February 1, 2017

Book Review - Urban Forests by Jill Jonnes

Urban Forests, by Jill Jonnes. Cover image via Penguin Random House.

Jill Jonnes is the author of six books including the subject of this book review, Urban Forests: A Natural History of Trees and People in the American Cityscape. The city is both the lens and the landscape is all Jonnes' books. However, in Urban Forests, nature, in the form of urban trees, is the primary focus. I came to know of Jill Jonnes' interest in urban forests through her essay titled "What is a Tree Worth?" published in the Winter 2011 issue of the Wilson Quarterly. Jonnes was a public policy scholar at the Woodrow Wilson Center in 2011. After reading her essay, I asked her to review a draft of my article manuscript which she did kindly. That manuscript was eventually published as "Mainstreaming the environmental street trees" in 2013 in Urban Forestry & Urban Greening.

Urban Forests is an excellent example of the use of multiple sources of evidence to craft and support an argument. If you only look at the Acknowledgements and Notes you will see that Jonnes interviewed the urban forestry community in all the cities featured in the book. As well, she traveled to these cities for first hand experience with the landscapes she describes. Furthermore she was a participant observer in her city of Baltimore where she founded the Baltimore Tree Trust. In addition to these rich sources, Jonnes relied on historic and contemporary newspaper articles, diaries, field guides, trade magazines, and academic publications to produce a biography of urban trees in the U.S.

Jonnes is not the first person to write about urban trees in the U.S. There is Thomas Campanella's 2005 Republic of Shade: New England and the American Elm and Evelyn Herwitz’s 2001 Trees at Risk: Reclaiming an Urban Forest. The article “From Nature to Nurture: The History of Sacramento's Urban Forest” by E. Gregory McPherson and Nina Luttinger was published in 1998 in the Journal of Arboriculture. In his 1993 Street Trees: A Manual for Municipalities, Richard D. Schein devotes a chapter to street tree planting from the colonial era to the 1970s in the Eastern U.S. The evolution of tree planting in European and American cities is the subject of Henry Lawrence's 2006 book, City Trees: A Historical Geography from the Renaissance through the Nineteenth Century. The limits of these books (and articles) are in their focus on a single species, or a single town or region, or a truncated timeline. Jill Jonnes' Urban Forests considers the arch of multiple tree species in major U.S. cities to the present day.

Each chapter excluding the Introduction and the Afterword is the story of a tree species or two, or of a type of tree (ex: memorial trees), or of a tree advocate or three, or a tree disaster (ex: Dutch elm disease), or tree benefits. Some chapters include several of these elements. I won't list all the chapter titles here, and as I finished each chapter I said to myself, "This one is my favorite," so I can't share "my favorites" but I will share a few that resonated strongly with me. (The chapter titles are wonderfully literary!) Chapter One: "So Great a Botanical Curiosity" and "The Celestial Tree": Introducing the Ginkgo and the Ailanthus. The ginkgo is one of my favorite trees. Chapter Five: "Washington Would One Day Be Famous for Its Flowering Cherry Trees": Eliza Scidmore and David Fairchild. Cherry blossom season along the Potomac River in DC will meet your expectations. And typically you read stories about men's roles in urban forestry so it was refreshing to learn about a woman in this field. Chapters Twelve to Fourteen are about the development of urban forestry science and its strategic insertion into public policy. I wrote my dissertation about the changing "sets ofideas and prescriptions" (how Eileen Crist defines discourse) that govern the role of urban trees. I found that in the policy arena, urban trees had transitioned from primarily a beautification object to an environmental services tool. In combination, the chapters reveal that different benefits have been identified and made relevant over time, but consistently it is the emotional connection, which is so stark during times of massive tree loss, that binds us to our trees. Do you recall Michael Pollan's argument in the The Botany of Desire, that plants shape us? Our affinity for and efforts to understand, manage, and preserve trees have given rise to many institutions -- the US Forest Service, municipal forestry departments, various nonprofits, botanical gardens, arboricultural companies, and more.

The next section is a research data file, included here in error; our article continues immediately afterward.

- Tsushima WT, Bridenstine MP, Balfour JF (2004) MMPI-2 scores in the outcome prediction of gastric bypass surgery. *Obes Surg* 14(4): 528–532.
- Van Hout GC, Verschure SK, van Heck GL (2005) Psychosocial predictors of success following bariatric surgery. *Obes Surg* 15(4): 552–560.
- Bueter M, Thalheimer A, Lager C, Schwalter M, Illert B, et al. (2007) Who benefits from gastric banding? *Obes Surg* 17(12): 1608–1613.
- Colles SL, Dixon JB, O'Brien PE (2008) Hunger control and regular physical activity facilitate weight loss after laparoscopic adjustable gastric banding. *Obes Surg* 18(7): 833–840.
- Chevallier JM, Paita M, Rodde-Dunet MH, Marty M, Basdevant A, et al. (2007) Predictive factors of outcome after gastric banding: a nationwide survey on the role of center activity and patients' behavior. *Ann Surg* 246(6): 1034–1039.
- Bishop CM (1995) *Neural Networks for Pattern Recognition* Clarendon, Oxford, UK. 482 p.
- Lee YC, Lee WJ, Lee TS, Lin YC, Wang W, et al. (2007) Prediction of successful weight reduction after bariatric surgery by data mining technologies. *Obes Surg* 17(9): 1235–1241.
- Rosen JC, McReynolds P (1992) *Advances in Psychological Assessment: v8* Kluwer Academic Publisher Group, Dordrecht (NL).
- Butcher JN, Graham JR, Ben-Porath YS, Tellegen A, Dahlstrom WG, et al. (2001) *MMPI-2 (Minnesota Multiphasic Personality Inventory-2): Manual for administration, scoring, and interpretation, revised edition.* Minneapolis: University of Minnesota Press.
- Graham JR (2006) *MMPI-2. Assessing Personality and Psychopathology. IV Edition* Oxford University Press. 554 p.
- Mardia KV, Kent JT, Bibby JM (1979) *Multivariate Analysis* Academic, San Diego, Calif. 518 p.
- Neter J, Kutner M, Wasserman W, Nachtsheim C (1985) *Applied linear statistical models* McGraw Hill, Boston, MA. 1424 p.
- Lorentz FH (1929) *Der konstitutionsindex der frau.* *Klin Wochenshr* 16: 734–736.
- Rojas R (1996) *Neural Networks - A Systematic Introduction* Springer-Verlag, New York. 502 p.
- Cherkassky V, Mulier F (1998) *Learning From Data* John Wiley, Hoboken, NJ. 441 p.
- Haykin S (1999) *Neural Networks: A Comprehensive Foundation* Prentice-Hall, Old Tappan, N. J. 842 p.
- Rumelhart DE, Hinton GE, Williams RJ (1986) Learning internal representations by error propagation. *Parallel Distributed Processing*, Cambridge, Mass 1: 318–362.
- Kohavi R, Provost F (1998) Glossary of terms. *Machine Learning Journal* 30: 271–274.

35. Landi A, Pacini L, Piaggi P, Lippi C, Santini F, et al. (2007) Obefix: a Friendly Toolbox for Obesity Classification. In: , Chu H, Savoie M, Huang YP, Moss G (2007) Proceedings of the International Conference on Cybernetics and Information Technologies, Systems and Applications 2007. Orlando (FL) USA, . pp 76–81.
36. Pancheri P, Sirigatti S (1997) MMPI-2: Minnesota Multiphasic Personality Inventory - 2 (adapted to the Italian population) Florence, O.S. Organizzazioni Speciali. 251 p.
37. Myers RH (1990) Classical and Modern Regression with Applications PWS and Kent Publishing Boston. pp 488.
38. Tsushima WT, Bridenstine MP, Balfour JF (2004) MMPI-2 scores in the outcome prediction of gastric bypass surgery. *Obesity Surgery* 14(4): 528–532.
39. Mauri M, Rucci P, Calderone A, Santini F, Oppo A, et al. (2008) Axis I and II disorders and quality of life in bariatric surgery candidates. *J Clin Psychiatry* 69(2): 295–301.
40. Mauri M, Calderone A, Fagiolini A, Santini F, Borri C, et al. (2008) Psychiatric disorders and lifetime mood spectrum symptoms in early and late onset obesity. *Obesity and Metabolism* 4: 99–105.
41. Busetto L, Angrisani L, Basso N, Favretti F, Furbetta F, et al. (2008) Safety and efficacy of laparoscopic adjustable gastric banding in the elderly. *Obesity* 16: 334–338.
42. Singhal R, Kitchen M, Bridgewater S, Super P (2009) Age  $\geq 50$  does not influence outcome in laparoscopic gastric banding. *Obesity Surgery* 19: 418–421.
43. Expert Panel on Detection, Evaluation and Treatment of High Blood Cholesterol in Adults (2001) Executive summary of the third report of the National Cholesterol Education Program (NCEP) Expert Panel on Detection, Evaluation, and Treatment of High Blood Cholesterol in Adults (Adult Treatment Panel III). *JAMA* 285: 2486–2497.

I recommend this book. Nonfiction fans and historians will enjoy it. If you prefer novels, you will find Jonnes' writing style appealing. Policy makers should read this book, too. The quote at the end of the book should be regarded seriously when strategizing about improving environmental quality:
The more climate scientists study how best to stave off further warming of our planet, the more they understand the importance of trees and forests. 'Every time I hear about a government program that is going to spend billions of dollars on some carbon capture and storage program, I just laugh and think, what is wrong with a tree?" said Neil Sizer, president of the Rainforest Alliance. 'All you have to do is look out the window, and the answer is there.' 
Mr. Sizer was referring to a real, not artificial, trees. Real trees have the added value of co-benefits.


I'd like to conclude with this thought. The tree species featured in this book are among our most popular urban trees. Many of them are not native to North America but are intimately tied to the identity of our cities. Consider the role of the Japanese flowering cherry in our capital city of Washington, DC.

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